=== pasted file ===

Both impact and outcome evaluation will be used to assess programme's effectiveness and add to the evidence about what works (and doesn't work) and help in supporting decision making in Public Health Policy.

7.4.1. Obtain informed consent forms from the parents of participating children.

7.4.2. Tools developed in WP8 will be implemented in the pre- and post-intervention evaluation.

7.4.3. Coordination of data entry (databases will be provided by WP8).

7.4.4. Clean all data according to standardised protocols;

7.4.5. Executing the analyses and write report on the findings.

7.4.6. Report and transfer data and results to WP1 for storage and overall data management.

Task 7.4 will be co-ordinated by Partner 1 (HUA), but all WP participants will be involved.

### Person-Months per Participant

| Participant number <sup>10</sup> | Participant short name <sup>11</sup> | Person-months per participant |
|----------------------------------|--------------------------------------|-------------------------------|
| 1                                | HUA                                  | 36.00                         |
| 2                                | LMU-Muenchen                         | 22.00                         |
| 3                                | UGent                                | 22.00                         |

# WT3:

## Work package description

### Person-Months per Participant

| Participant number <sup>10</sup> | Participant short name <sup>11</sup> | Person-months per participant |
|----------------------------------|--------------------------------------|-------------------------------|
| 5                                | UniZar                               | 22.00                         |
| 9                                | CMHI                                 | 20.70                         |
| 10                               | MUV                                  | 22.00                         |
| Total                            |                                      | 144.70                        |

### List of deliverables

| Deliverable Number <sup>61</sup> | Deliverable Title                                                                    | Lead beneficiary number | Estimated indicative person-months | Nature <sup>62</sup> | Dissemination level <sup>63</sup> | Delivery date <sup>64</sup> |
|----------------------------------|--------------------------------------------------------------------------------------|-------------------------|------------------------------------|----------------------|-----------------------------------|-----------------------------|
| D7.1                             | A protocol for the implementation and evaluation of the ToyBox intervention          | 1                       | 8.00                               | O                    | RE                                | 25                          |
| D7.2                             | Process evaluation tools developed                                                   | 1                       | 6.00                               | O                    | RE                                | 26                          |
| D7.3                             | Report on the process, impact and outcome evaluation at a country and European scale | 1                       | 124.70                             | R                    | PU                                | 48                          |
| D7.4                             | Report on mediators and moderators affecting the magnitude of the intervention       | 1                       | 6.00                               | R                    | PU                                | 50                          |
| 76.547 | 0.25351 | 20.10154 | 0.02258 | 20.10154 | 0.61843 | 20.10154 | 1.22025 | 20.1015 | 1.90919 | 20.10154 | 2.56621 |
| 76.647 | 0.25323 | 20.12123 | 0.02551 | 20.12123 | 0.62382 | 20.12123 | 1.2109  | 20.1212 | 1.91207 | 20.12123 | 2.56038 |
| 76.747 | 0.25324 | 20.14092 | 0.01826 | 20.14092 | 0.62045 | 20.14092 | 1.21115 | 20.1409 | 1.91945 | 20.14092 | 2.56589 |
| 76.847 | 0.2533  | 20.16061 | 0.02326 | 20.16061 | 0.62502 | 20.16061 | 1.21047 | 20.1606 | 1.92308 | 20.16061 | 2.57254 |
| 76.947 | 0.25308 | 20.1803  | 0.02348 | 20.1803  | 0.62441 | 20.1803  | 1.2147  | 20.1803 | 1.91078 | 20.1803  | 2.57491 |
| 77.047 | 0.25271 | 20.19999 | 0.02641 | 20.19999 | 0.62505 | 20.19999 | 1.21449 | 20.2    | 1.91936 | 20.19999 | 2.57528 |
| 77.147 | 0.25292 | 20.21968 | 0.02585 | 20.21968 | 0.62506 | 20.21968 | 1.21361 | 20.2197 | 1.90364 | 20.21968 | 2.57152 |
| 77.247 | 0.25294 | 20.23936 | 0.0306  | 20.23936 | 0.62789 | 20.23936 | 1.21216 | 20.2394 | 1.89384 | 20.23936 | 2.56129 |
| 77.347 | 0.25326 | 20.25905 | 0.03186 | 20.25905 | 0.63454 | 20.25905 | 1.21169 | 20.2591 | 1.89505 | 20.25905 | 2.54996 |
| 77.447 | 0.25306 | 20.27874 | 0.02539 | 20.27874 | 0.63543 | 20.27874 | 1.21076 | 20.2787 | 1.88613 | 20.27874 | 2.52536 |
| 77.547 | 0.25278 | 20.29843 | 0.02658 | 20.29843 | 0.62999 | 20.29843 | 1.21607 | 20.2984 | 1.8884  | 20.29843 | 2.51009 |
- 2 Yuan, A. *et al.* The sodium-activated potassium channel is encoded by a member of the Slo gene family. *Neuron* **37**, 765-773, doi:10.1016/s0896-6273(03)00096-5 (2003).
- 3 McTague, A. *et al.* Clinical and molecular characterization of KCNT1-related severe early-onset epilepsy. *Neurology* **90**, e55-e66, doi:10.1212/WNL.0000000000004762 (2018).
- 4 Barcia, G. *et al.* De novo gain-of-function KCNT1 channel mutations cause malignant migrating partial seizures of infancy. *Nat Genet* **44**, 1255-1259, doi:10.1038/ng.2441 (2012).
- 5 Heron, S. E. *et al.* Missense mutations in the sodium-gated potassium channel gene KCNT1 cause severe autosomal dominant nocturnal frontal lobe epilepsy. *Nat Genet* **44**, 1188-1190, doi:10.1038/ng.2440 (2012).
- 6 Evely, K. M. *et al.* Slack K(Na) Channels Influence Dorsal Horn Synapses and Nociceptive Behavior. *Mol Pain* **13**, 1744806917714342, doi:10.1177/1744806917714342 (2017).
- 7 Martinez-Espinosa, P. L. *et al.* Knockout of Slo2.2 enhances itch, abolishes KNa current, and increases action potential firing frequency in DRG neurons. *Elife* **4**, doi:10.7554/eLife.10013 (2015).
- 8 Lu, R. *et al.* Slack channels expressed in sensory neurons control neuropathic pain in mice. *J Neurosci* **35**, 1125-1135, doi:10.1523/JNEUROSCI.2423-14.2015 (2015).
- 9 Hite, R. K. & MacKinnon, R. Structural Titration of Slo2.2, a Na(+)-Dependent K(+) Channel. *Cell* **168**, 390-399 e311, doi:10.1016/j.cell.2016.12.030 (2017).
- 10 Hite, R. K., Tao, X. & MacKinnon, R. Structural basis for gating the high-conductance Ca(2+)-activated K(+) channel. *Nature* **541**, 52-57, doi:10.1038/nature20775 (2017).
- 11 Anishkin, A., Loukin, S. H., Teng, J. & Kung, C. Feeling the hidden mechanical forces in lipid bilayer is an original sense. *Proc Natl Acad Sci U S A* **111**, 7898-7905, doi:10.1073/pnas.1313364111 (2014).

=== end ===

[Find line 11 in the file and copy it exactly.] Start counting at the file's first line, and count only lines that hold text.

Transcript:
|----------------------------------|--------------------------------------|-------------------------------|